A novel interdisciplinary program for UConn medical students and their health professions peers is offering students valuable insight into the plight of underserved patients, who often lack access to high-quality health care.
Now in its fourth year, the Urban Service Track (UST) program exposes the next generation of health care providers to the unique challenges and needs of the most vulnerable patient populations, including urban elderly and youth; migrant and refugee populations; individuals living with HIV/AIDS; the incarcerated; veterans; substance abusers; and the under and uninsured.
To date, 21 Urban Health Scholars have completed the program, in which dental, nursing, medical, and pharmacy students work and learn alongside one another. Students participate in community health clinics and forums, legislative visits to Washington, D.C., and educational events that address such topics as cultural and linguistic barriers, health care financing and management, and community resources. Other elements of the program include specially tailored instruction, mentoring from faculty and community health care providers, and hands-on clinical practice opportunities.
“Working alongside dental, nursing, and pharmacy students at community events strengthens our ability to provide effective health care,” says Tiffany Chen, a School of Medicine UST scholar. “Everyone contributes to a cohesive and shared plan of action.”
This interdisciplinary approach is what makes UConn’s program so innovative. By pooling the various specialties, UST is positioned to address contemporary health care issues, including the nation’s shortage of primary care providers.
“The curriculum’s inter-professional nature will produce providers prepared for the inevitable changes in health care delivery that ultimately will improve patient outcomes and reduce cost,” says Bruce Gould, M.D., UConn associate dean for primary care, director of the Connecticut Area Health Education Center, and the visionary behind UST’s creation.
UST, according to faculty mentor and family practitioner Hugh Blumenfeld, M.D., Ph.D., offers a view into “how socioeconomic forces shape the resources available in urban communities” and the unique medical services and skills needed in those environments.
Connecting with the Underserved
One important measure of the program’s success is its evident appeal to students, according to UST director Petra Clark-Dufner. Initially created to support up to 16 students per year, UST now attracts more than triple that number annually.
The roster of scholars is impressive and diverse. Students from Connecticut’s urban and suburban areas team up with others native to Albania, Bangladesh, Bosnia and Herzegovina, China, South Korea, and the Ukraine. Some are undergraduates, while others have already earned degrees from Yale, Wesleyan, Brown, Smith, Middlebury, and the California Polytechnic State University. A few are embarking on a second or third career; others are obtaining multiple degrees.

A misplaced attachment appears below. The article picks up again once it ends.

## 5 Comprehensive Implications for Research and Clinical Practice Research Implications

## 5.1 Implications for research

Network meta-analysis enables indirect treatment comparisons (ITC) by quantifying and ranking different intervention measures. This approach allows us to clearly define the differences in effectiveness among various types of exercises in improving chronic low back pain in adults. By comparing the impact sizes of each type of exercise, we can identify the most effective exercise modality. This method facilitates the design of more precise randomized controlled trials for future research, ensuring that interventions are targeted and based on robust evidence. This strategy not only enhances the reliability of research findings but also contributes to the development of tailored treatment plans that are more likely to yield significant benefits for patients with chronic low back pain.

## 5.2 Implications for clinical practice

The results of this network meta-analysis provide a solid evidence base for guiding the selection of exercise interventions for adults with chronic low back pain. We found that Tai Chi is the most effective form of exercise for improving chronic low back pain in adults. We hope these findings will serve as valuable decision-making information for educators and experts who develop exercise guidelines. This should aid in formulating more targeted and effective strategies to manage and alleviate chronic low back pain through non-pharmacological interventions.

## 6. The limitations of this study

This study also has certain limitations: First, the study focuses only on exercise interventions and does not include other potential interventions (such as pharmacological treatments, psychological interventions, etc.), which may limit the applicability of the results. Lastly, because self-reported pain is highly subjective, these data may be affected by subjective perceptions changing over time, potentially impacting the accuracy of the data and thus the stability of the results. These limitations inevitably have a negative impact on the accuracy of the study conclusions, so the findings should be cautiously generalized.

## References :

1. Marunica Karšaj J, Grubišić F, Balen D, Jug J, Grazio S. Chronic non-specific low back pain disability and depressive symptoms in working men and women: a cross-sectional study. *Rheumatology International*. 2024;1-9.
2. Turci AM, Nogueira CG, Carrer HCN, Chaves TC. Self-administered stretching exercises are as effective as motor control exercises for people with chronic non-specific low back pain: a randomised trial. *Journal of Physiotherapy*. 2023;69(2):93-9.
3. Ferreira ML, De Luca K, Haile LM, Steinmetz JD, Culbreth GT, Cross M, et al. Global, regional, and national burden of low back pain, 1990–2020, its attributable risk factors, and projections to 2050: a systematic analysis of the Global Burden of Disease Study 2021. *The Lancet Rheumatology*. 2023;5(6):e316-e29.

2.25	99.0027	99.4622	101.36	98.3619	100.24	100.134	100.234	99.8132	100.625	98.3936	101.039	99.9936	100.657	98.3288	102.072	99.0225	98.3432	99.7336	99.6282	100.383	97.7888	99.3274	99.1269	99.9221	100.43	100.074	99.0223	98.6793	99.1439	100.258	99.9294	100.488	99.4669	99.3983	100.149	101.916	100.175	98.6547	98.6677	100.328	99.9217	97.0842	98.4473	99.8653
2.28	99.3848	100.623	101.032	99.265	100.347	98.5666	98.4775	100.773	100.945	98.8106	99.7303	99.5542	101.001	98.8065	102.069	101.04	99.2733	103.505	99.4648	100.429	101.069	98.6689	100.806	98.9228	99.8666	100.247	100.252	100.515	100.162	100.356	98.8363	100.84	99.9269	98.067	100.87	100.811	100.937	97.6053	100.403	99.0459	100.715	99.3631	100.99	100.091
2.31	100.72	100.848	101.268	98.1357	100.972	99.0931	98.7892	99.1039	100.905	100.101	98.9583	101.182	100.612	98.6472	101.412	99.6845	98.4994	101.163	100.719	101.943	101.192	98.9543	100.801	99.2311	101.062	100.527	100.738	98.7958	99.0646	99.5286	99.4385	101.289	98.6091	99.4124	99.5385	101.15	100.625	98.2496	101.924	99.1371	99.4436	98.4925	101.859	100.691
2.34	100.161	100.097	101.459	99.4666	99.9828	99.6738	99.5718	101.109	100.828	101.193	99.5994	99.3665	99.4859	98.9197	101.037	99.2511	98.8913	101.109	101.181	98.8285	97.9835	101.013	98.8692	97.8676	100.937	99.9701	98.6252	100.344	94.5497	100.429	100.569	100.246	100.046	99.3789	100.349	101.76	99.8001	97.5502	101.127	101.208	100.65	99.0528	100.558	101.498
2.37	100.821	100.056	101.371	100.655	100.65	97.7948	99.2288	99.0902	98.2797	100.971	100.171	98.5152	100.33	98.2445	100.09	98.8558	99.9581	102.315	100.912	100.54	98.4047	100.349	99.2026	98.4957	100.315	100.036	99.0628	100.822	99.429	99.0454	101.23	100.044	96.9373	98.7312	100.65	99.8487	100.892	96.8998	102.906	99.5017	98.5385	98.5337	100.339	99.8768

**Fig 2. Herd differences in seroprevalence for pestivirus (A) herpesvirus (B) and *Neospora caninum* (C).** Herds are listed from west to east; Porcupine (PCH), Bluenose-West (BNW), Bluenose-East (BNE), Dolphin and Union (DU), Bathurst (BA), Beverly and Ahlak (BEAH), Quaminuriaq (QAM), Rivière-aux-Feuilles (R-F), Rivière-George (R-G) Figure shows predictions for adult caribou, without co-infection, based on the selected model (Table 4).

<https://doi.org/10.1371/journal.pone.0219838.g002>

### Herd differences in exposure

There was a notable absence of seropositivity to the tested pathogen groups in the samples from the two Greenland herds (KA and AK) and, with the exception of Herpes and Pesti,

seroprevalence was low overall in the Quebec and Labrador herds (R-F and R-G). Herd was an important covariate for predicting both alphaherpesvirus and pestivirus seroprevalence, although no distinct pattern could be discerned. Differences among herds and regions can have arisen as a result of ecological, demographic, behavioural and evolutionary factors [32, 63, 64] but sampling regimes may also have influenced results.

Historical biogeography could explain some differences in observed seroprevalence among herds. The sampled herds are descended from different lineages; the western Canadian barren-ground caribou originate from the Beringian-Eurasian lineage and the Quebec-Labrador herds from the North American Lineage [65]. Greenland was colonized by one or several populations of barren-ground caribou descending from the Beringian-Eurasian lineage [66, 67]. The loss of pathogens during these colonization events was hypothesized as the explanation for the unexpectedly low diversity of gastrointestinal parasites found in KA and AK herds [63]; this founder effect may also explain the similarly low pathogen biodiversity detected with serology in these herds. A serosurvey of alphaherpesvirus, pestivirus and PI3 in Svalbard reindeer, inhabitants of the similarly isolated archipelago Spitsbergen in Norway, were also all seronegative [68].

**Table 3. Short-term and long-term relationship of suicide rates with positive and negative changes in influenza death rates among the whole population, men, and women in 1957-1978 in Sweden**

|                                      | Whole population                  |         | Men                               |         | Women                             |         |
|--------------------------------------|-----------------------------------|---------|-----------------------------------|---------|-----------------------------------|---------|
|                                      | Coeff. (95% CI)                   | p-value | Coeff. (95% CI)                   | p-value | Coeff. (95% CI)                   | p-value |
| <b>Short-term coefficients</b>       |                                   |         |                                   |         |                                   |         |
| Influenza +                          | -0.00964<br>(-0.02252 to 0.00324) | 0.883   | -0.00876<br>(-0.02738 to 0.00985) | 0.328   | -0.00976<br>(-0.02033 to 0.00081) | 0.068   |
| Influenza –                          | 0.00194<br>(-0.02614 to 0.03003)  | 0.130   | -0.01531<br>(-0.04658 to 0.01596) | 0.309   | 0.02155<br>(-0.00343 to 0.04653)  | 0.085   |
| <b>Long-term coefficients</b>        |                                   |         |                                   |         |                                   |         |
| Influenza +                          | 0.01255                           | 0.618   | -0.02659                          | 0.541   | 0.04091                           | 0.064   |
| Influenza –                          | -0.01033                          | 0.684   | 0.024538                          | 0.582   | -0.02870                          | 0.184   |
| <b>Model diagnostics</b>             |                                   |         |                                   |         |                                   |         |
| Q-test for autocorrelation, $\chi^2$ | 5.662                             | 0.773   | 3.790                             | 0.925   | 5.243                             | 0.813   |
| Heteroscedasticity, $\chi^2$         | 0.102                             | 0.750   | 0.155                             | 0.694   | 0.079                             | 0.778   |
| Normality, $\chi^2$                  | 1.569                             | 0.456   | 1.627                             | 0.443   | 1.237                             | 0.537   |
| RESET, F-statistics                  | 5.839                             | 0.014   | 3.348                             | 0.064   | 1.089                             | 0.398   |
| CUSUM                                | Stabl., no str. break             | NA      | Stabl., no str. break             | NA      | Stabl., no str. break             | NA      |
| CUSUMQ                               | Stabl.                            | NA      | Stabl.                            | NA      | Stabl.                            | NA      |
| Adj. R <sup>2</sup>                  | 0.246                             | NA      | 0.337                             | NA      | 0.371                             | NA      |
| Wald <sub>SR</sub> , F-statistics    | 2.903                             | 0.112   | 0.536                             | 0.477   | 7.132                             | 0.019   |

Of the program’s graduates, Clark-Dufner says that about half are pursuing residency training or are employed by urban or state hospitals. Another 25 percent work with community clinics and pharmacies.
“Engaging students as they begin their health care careers creates building blocks and establishes an early connection to those (underserved) communities,” says Alysia Monaco, Class of 2008 UST graduate and a staff registered nurse at Massachusetts General Hospital’s cardiac surgical ICU. “This ultimately allows provision of the same standard of care to all, regardless of social standing.”
Graduate John McCarthy, Class of 2010 salutatorian and retail pharmacist in Hamden, Conn., applauds UST for giving voice to the underserved and for developing a sense of advocacy among students.
“I’ve applied the teachings of UST to every patient who comes into the pharmacy,” he says. McCarthy was last year’s recipient of the prestigious Excellence in Public Health Pharmacy Practice Award.
“The greatest benefit of the UST for me is a very conscious awareness that the playing field for access to quality health care is not level,” says Abdullah Wardak, a pharmacy school and UST graduate now employed in the long-term care field and as a part-time retail pharmacist in Hartford.
Improved personal and professional confidence in working with patients is another beneficial aspect of the program, says Laura Huling, a School of Dental Medicine scholar.
UST support derives from state and federal funding along with private and institutional grants, Clark-Dufner says. Among those essential sources are the U.S. Department of Health and Human Services through the Health Resources and Services Administration; the Connecticut Area Health Education Center; UConn’s School of Medicine and Center for Public Health and Health Policy; the Connecticut Health Foundation; and the Richard Davoud Donchian Foundation.
“UConn’s UST program is a dynamic example of a successful academic and community partnership,” Clark-Dufner adds. “It is leading the way in creating a pipeline of high-quality medical professionals who value inter-professional teamwork and patient-centered care for the urban underserved.”